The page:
Pedal-Pi, Simple Programmable Guitar Pedal

For several years, [Ray] and [Anna], the team behind ElectroSmash, have been smashing audio electronics and churning out some sweet DIY audio gear. This time around, they’ve built Pedal-Pi — a simple programmable guitar pedal based around the Raspberry-Pi Zero. It is aimed at hackers, programmers and musicians who want to experiment with sounds and learn about digital audio. A lot of effort has gone in to documenting the whole project. Circuit analysis, a detailed BoM, programming, assembly and background information on related topics are all covered on their Forum.

The hardware is split in to three parts. On the input, a MCP6002 rail-to-rail op-amp amplifies and filters the analog waveform and then a MCP3202 ADC digitizes it to a 12-bit signal. The Pi-Zero then does all of the DSP, creating effects such as distortion, fuzz, delay, echo and tremolo among others. The Pi-Zero generates a dual PWM signal, which is combined and filtered before being presented at the output. The design is all through hole and the handy assembly guide can be useful for novices during assembly.  The code examples include a large number of pedal effects, and if you are familiar with C, then there’s enough information available to help you write your own effects.

Even if you don’t plan on building one, technical background such as the Basics of Audio DSP in C for Raspberry Pi Zero, Using MCP3202 ADC with Raspberry Pi Zero and PWM Audio on Raspberry Pi Zero ought to make for interesting reading. Check out the video after the break detailing the build.

If you’d like to check out some of their earlier work, check out 1WAMP, an Open Hardware Guitar Amplifier and pedalSHIELD, an opensource Arduino Guitar Pedal.

26 thoughts on “Pedal-Pi, Simple Programmable Guitar Pedal

    1. The standard bcm2835 are used to read the guitar and generate the output, so you have access to the raw data to to your own dsp.

      The aim was to learn how to build functional harware from easy-to-find throughole parts, and in the software side to generate effects ( distortion, fuzz, delay, echo, etc) understanding how they work.

      So it does not support dsp pluggings, we did not work in that direction yet ;)

      1. well write some device drivers and there’s a whole host of existing OSS audio effects software and even guitar effects software that becomes available. You could probably clone and edit some I2S kernel modules to get it working quickly, also i’d get rid of the dual PWM output and just go for any old I2S DAC.

      1. Very nice! I also like that you used a pic instead of an entire raspi. An os booting computer is really overkill for such a project. I wonder how long the pi takes to boot to a usable pedal. Yours seems instant. Great job!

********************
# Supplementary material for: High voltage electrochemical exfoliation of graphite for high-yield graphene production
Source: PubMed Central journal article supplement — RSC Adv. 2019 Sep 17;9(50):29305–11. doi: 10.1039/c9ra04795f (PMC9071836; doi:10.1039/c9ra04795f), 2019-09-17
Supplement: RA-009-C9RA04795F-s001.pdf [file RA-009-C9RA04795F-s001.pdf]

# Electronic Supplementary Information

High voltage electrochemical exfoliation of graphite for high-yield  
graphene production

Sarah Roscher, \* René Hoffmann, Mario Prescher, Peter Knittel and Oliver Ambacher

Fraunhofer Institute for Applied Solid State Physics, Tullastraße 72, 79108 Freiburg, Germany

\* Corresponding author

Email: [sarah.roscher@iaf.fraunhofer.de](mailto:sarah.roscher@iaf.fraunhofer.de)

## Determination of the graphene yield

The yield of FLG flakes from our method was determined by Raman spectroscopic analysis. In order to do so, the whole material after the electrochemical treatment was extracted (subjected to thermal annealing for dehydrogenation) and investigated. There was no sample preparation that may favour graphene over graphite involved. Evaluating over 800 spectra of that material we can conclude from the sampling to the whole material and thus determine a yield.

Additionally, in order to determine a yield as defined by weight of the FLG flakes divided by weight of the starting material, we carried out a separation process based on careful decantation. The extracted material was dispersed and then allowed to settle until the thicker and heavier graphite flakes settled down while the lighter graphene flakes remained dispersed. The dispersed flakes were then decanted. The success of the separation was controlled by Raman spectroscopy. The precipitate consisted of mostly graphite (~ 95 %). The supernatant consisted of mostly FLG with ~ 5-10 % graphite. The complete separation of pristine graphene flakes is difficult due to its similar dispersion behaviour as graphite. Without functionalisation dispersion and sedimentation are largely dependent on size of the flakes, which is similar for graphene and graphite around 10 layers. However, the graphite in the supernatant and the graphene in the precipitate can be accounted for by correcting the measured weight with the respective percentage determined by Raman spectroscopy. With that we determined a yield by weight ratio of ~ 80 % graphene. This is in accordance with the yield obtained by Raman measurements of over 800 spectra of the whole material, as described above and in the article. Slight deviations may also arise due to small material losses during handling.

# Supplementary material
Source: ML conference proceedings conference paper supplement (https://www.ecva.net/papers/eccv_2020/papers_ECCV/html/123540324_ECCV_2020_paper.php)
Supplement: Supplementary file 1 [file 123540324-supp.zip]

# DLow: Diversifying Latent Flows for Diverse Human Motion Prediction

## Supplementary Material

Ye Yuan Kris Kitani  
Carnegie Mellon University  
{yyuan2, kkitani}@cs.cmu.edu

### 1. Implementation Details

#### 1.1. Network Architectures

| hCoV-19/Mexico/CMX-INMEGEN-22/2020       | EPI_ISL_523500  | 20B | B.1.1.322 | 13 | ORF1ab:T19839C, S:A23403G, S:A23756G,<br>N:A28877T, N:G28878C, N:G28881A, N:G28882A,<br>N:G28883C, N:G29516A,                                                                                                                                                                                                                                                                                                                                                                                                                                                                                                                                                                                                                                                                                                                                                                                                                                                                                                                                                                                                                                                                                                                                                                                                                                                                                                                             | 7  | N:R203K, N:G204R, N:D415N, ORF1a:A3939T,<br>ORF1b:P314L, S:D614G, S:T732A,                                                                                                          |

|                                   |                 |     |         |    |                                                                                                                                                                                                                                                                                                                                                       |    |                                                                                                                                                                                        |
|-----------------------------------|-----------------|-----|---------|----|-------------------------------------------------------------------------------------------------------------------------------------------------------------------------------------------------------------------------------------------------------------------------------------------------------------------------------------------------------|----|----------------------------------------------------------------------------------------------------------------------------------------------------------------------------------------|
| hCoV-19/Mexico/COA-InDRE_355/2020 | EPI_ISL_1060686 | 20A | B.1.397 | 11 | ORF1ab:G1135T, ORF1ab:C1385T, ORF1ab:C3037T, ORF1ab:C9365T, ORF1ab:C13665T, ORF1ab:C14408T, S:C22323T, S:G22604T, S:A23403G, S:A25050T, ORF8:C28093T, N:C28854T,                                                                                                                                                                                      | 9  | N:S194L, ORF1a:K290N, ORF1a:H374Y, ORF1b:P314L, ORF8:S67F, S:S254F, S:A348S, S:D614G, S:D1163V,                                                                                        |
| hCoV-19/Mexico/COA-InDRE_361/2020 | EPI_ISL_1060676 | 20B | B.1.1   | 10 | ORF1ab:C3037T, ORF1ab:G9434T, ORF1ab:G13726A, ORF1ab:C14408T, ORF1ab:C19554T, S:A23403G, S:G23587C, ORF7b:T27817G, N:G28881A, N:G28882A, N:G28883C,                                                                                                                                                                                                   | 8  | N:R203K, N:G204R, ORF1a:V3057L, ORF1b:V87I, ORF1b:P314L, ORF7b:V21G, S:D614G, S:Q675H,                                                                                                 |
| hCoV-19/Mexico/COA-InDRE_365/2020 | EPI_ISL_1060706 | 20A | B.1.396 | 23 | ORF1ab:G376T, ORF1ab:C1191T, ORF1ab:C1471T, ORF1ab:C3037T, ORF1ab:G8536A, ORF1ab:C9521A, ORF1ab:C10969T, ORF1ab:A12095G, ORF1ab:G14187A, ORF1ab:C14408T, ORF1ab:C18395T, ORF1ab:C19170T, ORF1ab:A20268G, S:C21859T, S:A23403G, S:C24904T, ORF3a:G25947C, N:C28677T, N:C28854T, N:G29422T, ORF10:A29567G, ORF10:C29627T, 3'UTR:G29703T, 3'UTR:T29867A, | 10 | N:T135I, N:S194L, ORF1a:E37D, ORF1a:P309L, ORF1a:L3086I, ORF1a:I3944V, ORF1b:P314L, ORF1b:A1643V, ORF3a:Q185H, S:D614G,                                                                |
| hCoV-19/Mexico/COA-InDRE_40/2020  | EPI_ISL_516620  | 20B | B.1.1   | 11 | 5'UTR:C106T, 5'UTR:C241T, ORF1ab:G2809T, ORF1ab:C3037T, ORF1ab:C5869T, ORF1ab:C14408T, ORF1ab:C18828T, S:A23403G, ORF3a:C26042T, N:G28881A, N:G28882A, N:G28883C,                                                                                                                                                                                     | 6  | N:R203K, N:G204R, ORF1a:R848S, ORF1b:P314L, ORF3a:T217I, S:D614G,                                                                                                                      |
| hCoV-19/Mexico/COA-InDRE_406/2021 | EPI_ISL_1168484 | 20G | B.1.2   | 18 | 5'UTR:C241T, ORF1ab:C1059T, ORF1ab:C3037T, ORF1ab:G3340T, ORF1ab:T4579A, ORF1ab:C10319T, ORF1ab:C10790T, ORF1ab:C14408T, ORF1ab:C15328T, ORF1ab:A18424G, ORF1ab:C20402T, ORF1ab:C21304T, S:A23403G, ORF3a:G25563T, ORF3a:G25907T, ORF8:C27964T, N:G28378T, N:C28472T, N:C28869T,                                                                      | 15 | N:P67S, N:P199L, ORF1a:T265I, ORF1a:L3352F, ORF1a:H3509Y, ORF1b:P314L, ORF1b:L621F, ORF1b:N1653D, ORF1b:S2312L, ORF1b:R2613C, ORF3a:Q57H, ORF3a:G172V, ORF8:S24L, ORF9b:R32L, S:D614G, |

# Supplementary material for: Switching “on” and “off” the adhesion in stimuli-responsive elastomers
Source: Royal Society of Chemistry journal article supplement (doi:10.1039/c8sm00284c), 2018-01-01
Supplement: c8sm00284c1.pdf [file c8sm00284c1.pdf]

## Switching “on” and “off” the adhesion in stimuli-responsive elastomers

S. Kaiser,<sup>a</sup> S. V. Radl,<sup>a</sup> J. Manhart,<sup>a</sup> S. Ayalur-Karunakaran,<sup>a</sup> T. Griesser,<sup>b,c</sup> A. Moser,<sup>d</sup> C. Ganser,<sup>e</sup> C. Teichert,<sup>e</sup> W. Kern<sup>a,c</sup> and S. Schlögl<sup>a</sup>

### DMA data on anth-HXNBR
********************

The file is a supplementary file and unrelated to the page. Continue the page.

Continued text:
1. Neat project! In a similar vein, Qu-Bit did a Eurorack synth module based on a full-sized Pi, called the Nebulae (it’s now discontinued though).

        If you’re just unplugging the Pi without doing a shutdown command prior, you’re begging for trouble (i.e. the SD card corruption mentioned above). I would suggest implementing some kind of three finger salute — e.g. pressing all three switches for two seconds issues a shutdown command to Raspbian.

  1. Yes, the basic idea was to do something similar to the arduino pedalSHIELD projects we did before, with some changes in the hardware (spi adc) and new codes (using bcm2835 libraries).
    With Raspberry you can benefit from (virtually) unlimited memory and super high speed processing, cheap boards.. . If you are into software development there are plenty of options: rtos, baremetal, etc.

  2. The thing about these pedal projects is you get plenty of dead-simple code examples like echo, reverb, distortion, but no one’s sharing stuff like a good resonant lowpass filter which sounds musical and behaves at all possible settings and inputs. The teensy audio library (which is excellent, thanks Paul!) is a good example of this. The included lowpass implementation misbehaves at minimum resonance and minimum cutoff, breaking into what sounds like chaos (nasty loud white noise). It also is incapable of self-oscillation.

    1. Raspberry Pi is able to read the ADC using the SPI bus as a sample rate at least 40KHz, that is around 25uS, then you have the DSP which is extremely fast (the Pi Zero is a beast) – lets say another 10uS – and then you have to write back into PWM that has a refresh rate is 150KHz region (6us). At the end of the day you will have 25 + 10 + 6 = 50uS approx. which is below the ms region and not noticeable unless you pay extreme attention.

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